[Source: Planetizen] — Josh Stephens feels driven to bring attention to last year’s “Big Box Swindle: The True Cost of Mega-Retailers and the Fight for America’s Independent Businesses” by Stacey Mitchell. The book argues that mega-retailers have not only drained the American economy of much of its entrepreneurial spirit, but also have contributed to the degradation of the social fabric, intellectual life, and built environment of cities and towns across the United States. [Note: To read the full commentary, click here.]
[Source: Froma Harrop, Houston Chronicle and reprinted in the Arizona Republic] — There’s a burning concern in the American West — almost an obsession — that Democrats did not touch in their convention here. Nor will Republicans in St. Paul. It is the U.S. population explosion. The West is feeling the brunt of it, as flowing lava of housing developments and big-box crudscapes claim its cherished open spaces — and increasingly scarce water supplies. The U.S. Census Bureau now expects America’s population to top 400 million by 2039, far earlier than previously forecast. The 300-million mark was hit only two years ago, so if this prediction is correct, the headcount will have soared by 100 million people in 33 short years.
America’s fastest-growing region has been and will continue to be the Intermountain West. Its megalopolises — centered on Denver, Phoenix, Las Vegas, and Salt Lake City — are set to add 13 million people by 2040, according to a Brookings Institution study. This would be a doubling of their population. Hyper-growth still brings out happy talk in some circles. The Brookings report looks at the population forecasts for the urban corridor on the eastern face of the Rockies, spreading from Colorado into Wyoming, and enthuses, “Such projections point to a huge opportunity for the Front Range to improve on the current level of prosperity.” There are challenges, it says, but they can be met — and you can almost hear local hearts breaking — by new roads, bigger airports, more office parks.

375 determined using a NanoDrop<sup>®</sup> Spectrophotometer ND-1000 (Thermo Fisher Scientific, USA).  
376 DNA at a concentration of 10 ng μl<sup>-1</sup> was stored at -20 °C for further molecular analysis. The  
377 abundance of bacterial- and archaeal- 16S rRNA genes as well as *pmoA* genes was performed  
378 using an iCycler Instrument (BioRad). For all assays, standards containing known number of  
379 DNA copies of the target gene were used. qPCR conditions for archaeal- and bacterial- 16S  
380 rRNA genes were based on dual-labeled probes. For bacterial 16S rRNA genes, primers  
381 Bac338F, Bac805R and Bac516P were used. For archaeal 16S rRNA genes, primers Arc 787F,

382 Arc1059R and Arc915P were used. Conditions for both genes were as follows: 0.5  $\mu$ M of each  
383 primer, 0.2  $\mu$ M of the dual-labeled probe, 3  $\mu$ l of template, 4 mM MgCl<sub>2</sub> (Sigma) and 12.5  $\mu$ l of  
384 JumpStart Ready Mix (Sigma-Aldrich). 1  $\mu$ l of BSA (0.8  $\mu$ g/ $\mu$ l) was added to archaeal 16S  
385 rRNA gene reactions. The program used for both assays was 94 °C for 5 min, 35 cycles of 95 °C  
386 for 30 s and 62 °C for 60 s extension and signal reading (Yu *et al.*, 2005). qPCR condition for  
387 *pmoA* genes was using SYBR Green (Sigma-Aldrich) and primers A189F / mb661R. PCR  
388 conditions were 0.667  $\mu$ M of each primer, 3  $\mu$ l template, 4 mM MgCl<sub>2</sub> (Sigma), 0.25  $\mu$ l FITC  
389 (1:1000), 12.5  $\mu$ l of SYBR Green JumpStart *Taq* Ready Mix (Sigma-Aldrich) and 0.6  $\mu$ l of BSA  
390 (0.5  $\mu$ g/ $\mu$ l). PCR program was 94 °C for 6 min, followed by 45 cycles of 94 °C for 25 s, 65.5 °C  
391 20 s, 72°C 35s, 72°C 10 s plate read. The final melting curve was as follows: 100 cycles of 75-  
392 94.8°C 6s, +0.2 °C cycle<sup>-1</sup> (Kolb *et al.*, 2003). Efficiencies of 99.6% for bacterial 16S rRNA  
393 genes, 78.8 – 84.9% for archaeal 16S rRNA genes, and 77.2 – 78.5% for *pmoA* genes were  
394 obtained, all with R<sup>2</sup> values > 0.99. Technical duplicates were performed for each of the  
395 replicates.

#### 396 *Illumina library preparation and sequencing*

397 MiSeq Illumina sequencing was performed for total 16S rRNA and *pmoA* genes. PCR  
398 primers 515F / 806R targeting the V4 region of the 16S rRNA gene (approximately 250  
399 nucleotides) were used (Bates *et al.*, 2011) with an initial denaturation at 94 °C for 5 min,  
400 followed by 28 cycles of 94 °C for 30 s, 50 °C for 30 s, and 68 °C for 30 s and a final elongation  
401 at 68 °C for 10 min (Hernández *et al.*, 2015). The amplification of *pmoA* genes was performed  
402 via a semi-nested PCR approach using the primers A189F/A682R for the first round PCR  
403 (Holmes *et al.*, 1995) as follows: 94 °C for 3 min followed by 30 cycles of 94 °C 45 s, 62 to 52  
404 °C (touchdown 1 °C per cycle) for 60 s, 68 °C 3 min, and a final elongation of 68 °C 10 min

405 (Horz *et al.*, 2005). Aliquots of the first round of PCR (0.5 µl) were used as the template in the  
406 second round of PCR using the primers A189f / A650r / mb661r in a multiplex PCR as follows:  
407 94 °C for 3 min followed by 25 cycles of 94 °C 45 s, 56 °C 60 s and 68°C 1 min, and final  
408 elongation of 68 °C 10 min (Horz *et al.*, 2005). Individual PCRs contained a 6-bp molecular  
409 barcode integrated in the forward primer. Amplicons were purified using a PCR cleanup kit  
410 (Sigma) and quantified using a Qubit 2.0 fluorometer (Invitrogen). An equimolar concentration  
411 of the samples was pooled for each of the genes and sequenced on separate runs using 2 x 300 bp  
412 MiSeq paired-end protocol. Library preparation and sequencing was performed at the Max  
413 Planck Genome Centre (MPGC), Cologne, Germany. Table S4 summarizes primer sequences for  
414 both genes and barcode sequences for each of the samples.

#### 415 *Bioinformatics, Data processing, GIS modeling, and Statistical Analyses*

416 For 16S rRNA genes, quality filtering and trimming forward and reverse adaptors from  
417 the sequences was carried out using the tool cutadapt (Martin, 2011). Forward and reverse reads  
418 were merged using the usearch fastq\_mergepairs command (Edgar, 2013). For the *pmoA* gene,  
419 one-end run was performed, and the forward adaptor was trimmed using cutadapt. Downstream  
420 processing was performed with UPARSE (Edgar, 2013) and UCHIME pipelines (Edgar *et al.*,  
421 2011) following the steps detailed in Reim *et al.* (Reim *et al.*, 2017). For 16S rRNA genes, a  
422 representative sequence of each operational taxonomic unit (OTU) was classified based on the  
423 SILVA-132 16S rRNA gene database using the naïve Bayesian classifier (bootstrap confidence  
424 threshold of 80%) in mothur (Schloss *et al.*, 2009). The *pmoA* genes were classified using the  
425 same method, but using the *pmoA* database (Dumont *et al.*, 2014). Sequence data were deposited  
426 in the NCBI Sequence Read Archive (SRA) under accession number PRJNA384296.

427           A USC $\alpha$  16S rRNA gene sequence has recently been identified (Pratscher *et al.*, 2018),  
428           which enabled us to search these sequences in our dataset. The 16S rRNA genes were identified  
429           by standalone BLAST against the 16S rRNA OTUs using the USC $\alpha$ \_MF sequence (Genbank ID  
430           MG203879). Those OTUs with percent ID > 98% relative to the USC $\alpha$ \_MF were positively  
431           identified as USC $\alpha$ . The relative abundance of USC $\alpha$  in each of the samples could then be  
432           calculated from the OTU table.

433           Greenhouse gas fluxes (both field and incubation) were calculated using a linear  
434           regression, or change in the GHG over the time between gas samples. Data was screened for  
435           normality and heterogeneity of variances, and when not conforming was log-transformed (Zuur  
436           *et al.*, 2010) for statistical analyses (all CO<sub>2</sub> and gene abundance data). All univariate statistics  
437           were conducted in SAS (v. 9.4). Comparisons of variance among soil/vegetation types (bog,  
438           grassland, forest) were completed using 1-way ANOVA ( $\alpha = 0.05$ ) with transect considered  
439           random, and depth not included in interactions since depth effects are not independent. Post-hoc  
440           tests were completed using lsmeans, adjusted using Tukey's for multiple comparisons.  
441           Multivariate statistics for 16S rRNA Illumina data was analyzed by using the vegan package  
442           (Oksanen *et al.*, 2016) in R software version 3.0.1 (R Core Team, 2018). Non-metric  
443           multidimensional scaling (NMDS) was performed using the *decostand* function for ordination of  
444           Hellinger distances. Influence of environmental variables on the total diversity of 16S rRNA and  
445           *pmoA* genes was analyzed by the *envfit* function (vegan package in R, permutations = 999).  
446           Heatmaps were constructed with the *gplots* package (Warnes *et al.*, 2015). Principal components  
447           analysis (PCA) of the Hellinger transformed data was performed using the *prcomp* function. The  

And where oh where are they going to find water? Every county in Colorado was declared a federal drought disaster area in 2002, when the population stood at 4.5 million. It is expected to approach 8 million by 2035. As former Colorado Gov. Dick Lamm notes, the region is so dry that you can still see the wagon wheel trails laid down in the 1840s. “This is an area that plans to add 13 million people?” Lamm said to me. “Crazy.” [Note: To read the full opinion piece, click here.]
[Source: Stacy Mitchell, Hometown Advantage News] — The number of shuttered box stores and empty strip malls has expanded dramatically over the last six months, according to data compiled by commercial real estate brokers and investment advisors. And the situation is likely to get much worse. Chain retailers have announced plans to close more than 6,500 outlets by year’s end, even as shopping center construction continues at a furious pace. Developers are on track to bring an estimated 137 million square feet of new retail space online this year. That’s more than the average annual growth during the first half of the decade.
“Alarming” is how one commercial brokerage described the unabated pace of shopping center construction. It is an indication of the degree to which the forces driving retail expansion have become untethered from actual consumer demand. Communities that have not taken steps to limit retail sprawl through their land use policies are at risk of seeing growing numbers of buildings become derelict. Already, vacancy rates at strip malls have reached a twelve-year high, according to the research firm Reis. For the first time since the firm started gathering data in 1980, the total amount of occupied retail space has begun to decline in absolute terms…
In regions that have experienced a major housing boom and bust, such as Phoenix and Florida, the amount of ghost retail has risen sharply and includes stores that were built in advance of new outer-ring subdivisions but never occupied. [Note: To read the full article, click here.]